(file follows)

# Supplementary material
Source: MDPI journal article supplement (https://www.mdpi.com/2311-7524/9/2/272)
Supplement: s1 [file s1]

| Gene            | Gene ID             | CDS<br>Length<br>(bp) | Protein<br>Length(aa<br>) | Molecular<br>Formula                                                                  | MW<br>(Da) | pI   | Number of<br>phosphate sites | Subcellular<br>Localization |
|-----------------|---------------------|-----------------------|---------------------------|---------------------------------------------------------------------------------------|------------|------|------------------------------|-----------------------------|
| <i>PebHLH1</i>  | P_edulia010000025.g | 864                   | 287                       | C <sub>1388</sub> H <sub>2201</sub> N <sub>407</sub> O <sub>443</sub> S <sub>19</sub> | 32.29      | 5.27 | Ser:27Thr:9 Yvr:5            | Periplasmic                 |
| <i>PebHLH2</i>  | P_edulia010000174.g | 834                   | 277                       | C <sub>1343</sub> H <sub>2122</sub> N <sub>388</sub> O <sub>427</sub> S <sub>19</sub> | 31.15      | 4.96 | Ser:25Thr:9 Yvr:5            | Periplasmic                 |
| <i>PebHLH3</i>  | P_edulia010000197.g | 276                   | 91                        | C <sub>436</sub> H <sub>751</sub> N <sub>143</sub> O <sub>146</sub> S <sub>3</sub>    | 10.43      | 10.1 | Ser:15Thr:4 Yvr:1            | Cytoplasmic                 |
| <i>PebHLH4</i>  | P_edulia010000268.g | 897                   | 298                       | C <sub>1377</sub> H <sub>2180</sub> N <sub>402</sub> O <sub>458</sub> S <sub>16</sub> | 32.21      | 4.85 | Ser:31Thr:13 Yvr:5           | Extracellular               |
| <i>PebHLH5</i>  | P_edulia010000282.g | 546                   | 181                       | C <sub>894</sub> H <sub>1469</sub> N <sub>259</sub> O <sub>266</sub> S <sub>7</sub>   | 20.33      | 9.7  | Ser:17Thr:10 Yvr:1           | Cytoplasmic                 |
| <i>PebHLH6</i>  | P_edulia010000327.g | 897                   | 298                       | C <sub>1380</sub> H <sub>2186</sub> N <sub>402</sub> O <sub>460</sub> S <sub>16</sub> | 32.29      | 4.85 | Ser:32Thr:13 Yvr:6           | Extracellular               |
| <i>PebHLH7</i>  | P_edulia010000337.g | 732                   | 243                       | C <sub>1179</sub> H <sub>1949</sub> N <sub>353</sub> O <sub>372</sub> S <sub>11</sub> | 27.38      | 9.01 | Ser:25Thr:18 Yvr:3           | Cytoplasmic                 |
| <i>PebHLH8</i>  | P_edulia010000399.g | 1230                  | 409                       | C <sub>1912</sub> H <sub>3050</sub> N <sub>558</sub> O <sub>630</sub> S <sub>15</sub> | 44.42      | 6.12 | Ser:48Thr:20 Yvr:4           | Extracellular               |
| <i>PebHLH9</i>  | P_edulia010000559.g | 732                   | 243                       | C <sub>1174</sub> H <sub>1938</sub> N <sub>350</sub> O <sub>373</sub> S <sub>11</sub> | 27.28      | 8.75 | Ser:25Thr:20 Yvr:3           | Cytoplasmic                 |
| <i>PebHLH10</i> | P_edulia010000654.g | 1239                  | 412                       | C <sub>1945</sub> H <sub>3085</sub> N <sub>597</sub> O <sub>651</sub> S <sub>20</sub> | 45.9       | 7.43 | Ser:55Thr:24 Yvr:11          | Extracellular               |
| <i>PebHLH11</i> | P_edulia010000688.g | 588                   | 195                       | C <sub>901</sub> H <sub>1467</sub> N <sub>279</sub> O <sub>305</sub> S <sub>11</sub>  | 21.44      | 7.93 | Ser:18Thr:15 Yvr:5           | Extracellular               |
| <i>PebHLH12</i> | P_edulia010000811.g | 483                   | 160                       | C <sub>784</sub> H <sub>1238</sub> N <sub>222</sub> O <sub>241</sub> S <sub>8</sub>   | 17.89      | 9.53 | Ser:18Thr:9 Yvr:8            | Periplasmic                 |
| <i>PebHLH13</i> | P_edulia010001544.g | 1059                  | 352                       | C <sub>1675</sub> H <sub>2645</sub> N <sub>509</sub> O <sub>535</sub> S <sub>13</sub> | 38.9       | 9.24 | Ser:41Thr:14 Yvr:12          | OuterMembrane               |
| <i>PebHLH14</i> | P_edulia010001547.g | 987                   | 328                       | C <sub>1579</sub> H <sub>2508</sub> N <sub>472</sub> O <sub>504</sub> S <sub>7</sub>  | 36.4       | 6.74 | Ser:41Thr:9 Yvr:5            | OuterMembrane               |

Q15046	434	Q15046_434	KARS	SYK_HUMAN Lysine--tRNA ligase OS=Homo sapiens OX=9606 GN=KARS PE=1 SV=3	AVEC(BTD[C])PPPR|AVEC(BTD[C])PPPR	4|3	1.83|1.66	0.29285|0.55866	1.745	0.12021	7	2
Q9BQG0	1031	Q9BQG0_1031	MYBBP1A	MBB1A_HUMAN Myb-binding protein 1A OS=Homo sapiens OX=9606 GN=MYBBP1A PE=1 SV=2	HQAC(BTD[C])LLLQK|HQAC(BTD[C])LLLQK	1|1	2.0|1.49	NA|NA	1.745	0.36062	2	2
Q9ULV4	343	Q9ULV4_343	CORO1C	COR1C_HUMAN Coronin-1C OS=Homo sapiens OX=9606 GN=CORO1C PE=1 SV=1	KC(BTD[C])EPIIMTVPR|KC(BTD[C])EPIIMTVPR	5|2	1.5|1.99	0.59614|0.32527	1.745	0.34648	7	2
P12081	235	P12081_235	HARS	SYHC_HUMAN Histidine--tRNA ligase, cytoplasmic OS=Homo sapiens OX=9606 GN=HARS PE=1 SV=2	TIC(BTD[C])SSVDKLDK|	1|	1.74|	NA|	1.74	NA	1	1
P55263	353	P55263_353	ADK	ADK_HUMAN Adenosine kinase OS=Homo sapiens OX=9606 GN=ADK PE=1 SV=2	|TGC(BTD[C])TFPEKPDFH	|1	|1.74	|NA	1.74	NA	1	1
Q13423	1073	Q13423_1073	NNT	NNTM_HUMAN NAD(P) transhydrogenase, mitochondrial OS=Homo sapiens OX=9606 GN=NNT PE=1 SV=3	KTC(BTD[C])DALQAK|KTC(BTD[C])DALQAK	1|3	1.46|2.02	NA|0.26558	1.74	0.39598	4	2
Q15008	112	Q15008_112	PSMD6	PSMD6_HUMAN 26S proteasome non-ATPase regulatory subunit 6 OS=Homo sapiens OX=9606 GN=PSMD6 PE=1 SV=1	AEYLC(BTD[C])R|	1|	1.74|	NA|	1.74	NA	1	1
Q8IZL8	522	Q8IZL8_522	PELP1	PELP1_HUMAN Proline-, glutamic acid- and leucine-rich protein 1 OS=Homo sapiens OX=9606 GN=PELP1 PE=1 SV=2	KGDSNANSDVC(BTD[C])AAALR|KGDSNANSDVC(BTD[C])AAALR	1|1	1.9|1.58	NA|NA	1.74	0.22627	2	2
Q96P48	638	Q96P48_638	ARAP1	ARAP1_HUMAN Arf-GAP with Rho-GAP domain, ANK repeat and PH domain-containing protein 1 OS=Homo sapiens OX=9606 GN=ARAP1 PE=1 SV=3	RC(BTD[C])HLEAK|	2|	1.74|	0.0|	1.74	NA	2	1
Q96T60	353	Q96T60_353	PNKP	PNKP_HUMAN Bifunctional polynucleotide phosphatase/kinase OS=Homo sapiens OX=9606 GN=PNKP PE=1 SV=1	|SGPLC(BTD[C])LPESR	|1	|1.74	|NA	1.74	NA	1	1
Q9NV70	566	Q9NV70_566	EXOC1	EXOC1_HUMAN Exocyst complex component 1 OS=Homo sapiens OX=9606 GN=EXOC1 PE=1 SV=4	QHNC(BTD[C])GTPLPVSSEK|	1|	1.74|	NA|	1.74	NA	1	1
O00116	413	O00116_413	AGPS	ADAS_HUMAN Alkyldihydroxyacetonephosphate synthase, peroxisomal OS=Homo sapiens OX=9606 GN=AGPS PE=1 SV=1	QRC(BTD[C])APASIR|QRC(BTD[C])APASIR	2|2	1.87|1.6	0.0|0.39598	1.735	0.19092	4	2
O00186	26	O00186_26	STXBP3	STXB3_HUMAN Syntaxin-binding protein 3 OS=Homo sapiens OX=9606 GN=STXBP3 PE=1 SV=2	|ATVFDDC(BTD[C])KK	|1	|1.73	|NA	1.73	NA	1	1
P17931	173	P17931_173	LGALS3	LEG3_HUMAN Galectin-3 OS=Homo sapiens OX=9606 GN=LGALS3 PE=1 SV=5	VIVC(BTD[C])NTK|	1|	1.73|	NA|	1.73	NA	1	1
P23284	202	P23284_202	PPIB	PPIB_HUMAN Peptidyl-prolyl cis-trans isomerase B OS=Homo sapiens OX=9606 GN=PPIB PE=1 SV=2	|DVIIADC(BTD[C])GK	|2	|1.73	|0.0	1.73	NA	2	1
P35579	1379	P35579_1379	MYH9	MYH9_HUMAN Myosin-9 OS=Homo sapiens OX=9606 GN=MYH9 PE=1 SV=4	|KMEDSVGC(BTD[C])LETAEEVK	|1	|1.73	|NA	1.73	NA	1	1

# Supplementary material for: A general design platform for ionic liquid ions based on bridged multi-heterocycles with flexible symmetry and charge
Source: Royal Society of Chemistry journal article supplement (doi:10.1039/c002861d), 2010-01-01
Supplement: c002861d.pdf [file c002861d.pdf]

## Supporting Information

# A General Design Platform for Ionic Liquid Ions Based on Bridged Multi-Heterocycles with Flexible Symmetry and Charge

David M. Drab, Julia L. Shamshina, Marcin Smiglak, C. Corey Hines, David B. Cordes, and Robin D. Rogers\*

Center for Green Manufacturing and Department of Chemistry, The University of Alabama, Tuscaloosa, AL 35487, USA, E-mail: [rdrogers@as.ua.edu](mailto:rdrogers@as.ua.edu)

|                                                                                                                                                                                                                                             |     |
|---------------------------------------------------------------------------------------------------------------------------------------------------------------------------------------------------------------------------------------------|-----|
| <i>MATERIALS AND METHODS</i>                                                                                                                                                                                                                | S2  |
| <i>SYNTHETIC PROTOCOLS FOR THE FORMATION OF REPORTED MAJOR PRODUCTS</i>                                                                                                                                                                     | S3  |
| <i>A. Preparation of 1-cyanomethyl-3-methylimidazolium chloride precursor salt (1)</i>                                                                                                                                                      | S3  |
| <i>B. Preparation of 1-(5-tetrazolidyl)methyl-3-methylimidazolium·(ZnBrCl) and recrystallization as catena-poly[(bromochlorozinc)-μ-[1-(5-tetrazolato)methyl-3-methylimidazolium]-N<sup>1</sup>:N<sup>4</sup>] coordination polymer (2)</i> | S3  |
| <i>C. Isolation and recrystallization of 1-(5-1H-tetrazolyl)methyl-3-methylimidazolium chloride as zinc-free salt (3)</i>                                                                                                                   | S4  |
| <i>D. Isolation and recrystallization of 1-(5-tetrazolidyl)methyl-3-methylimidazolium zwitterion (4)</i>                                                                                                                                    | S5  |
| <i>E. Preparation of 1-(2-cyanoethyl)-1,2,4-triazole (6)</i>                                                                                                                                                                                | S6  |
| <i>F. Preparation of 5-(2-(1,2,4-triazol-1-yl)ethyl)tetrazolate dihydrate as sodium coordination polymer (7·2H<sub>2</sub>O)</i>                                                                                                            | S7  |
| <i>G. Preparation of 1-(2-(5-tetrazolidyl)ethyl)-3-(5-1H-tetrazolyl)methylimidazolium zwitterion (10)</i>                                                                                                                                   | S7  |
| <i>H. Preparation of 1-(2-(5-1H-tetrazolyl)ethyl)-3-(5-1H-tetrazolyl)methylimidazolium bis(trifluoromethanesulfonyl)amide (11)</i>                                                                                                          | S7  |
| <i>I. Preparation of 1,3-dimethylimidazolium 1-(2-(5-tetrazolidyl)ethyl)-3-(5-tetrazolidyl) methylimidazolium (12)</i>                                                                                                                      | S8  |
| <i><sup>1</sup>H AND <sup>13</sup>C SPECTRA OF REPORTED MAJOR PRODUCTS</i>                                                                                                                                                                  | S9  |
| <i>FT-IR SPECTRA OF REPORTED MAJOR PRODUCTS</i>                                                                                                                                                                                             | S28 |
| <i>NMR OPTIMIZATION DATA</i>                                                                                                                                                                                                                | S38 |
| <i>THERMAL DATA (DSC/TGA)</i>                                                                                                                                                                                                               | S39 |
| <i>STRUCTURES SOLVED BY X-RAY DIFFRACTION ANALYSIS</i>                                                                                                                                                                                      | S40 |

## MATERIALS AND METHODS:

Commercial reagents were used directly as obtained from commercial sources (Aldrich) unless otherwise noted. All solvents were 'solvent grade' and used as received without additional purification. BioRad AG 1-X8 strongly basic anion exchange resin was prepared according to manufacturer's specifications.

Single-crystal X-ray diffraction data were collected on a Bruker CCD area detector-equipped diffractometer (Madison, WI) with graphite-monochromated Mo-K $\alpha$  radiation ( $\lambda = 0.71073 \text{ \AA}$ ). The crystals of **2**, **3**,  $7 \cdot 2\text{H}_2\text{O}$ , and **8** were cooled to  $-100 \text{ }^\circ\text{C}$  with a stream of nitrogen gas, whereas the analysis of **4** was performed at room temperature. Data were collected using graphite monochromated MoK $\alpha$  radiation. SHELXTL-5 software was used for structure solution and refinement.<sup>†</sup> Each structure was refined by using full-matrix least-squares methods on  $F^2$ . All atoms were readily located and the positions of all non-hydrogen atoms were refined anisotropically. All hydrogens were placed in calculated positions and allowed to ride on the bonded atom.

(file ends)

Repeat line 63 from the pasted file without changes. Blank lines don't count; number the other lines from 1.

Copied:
Single-crystal X-ray diffraction data were collected on a Bruker CCD area detector-equipped diffractometer (Madison, WI) with graphite-monochromated Mo-K $\alpha$  radiation ( $\lambda = 0.71073 \text{ \AA}$ ). The crystals of **2**, **3**,  $7 \cdot 2\text{H}_2\text{O}$ , and **8** were cooled to  $-100 \text{ }^\circ\text{C}$  with a stream of nitrogen gas, whereas the analysis of **4** was performed at room temperature. Data were collected using graphite monochromated MoK $\alpha$  radiation. SHELXTL-5 software was used for structure solution and refinement.<sup>†</sup> Each structure was refined by using full-matrix least-squares methods on  $F^2$ . All atoms were readily located and the positions of all non-hydrogen atoms were refined anisotropically. All hydrogens were placed in calculated positions and allowed to ride on the bonded atom.